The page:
The World Trade Organization, or WTO, announced its first ever global trade deal on Saturday, surmounting disagreements that dogged negotiations among ministers from 159 member nations who had gathered on the Indonesian island of Bali.

The historic agreement, which could contribute nearly $1 trillion to the world economy, cuts through red tape and streamlines customs and port procedures, and also makes it easier for the world’s poorest nations to export to richer markets. The breakthrough was achieved after Cuba withdrew a threat to veto the deal, as it does not help end a U.S. embargo on the Caribbean island nation, but later agreed on a compromise with the U.S.

“For the first time in our history, the WTO has truly delivered,” WTO chief Roberto Azevedo said, according to a Reuters report.

“This time the entire membership came together. We have put the ‘world’ back in World Trade Organization,” he said. “We’re back in business. ... Bali is just the beginning.”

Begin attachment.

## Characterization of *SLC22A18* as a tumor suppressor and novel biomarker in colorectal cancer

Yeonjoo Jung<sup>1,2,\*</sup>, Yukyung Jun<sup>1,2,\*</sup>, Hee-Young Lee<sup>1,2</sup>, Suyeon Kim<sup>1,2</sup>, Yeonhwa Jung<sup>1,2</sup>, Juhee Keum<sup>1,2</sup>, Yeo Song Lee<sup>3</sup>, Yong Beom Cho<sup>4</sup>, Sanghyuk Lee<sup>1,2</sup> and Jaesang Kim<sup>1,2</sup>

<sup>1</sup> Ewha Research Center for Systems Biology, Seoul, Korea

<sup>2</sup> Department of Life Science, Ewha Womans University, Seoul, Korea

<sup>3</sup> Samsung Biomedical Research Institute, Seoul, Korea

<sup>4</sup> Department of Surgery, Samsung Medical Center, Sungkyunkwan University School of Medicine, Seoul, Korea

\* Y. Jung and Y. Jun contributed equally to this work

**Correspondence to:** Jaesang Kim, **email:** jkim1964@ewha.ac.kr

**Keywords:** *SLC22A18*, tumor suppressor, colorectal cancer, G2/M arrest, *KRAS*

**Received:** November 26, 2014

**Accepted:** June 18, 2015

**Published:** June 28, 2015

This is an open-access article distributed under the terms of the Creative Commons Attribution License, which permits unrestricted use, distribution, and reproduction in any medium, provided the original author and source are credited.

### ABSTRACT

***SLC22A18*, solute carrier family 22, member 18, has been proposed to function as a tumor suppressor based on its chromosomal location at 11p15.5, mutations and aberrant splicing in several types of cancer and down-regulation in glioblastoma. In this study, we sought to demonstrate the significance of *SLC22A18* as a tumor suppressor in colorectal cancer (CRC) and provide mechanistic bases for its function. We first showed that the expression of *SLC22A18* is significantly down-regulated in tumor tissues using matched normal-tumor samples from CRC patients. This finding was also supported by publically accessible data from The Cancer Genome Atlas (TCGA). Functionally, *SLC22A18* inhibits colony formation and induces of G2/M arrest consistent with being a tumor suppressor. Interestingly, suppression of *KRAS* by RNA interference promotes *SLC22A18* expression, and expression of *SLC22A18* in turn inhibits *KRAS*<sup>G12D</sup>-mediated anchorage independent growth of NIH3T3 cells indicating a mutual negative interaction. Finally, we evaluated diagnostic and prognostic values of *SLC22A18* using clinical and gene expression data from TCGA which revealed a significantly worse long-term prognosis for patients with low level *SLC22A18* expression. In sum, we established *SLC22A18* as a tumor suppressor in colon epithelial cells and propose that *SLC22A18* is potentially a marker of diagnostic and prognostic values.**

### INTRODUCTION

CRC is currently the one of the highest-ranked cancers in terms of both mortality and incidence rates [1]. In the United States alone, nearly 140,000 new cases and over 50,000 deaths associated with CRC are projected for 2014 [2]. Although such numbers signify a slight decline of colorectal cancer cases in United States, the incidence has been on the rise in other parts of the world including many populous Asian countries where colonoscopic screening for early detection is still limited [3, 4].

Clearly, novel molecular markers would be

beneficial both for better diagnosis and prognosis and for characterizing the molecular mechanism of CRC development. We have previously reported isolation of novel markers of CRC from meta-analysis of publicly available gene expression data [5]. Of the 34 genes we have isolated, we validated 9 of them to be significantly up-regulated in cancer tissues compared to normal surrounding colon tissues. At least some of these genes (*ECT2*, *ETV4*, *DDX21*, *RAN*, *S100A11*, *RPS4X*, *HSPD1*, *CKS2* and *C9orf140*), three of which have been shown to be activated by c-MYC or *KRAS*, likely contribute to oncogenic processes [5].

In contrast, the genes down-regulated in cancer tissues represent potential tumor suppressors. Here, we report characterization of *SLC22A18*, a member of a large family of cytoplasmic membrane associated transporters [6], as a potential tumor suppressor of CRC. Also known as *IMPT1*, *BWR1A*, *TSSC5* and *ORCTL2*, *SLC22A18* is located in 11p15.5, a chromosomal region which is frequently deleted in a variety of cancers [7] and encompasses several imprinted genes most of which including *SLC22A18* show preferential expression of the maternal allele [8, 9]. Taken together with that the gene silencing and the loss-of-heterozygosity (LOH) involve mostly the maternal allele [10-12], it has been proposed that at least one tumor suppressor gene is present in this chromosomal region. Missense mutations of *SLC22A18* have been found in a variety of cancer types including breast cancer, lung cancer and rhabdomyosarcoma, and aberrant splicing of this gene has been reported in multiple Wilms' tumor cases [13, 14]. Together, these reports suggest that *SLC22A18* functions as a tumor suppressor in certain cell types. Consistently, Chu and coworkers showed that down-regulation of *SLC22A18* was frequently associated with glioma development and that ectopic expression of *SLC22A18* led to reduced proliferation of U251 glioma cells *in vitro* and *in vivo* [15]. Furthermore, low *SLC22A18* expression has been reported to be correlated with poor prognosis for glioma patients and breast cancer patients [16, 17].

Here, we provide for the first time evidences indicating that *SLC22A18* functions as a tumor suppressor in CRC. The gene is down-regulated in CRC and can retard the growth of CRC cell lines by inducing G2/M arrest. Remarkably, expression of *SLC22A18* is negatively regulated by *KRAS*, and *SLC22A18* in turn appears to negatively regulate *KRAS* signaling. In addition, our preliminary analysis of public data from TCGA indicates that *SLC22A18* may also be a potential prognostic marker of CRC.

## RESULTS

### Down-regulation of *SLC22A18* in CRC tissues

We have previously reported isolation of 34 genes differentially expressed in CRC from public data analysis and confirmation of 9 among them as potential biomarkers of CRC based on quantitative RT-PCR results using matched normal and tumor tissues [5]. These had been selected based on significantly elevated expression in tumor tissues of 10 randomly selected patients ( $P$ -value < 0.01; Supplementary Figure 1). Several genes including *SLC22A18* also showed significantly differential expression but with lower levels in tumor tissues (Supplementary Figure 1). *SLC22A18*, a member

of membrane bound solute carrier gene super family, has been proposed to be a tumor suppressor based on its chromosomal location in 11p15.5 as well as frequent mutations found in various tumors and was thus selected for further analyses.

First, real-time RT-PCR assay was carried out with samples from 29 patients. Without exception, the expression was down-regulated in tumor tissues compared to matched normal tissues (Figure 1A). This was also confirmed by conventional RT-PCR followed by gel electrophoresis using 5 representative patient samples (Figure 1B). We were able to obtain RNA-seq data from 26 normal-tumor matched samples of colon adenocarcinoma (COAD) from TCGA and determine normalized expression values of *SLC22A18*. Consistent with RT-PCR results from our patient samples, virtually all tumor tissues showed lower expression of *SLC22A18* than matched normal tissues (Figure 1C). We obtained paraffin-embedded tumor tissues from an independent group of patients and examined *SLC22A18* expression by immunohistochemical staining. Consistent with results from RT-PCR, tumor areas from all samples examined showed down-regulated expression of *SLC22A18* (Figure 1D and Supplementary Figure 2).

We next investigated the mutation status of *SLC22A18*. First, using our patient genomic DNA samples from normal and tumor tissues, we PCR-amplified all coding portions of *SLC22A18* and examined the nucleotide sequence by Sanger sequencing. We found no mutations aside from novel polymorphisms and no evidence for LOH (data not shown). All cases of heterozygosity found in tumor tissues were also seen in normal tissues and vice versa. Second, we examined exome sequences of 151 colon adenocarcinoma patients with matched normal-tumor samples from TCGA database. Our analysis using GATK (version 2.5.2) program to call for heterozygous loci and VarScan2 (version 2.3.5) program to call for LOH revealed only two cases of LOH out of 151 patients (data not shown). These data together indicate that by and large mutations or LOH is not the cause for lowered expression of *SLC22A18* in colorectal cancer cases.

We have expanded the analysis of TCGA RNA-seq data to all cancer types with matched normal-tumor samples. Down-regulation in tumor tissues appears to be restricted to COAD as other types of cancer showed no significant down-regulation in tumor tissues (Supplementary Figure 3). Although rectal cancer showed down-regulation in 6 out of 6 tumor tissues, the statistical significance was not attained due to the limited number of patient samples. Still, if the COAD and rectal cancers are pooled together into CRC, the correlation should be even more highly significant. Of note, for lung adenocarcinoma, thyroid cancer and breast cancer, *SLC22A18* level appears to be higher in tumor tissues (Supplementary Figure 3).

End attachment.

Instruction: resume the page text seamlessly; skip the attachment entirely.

The negotiations, which began on Tuesday, were stalled initially over India’s demand for a concession on food subsidies, as the country had recently announced a massive food security program aimed at providing government-subsidized grains to its poor. In the run up to general elections in 2014, India’s Trade Minister Anand Sharma insisted on a permanent exemption from WTO rules, but the final agreement promises a permanent solution for India’s demand within the next four years.

The first deal since WTO’s inception in 1995 is expected to create more than 20 million jobs worldwide, and also restore faith in the organization’s standing as an effective global partnership. The WTO’s achievement also evoked memories of talks in December 1993, when world nations agreed on the last global trade deal, which was for the creation of the WTO, according to Reuters.

“It is good for both developed and developing members alike,” U.S. Trade Representative Michael Froman said.

“Leaving Bali this week without an agreement would [have dealt] a debilitating blow to the WTO as a forum for multilateral negotiations,” Froman said earlier.

Although representatives from each member nation have agreed on the deal, it still needs approval from each member state’s government.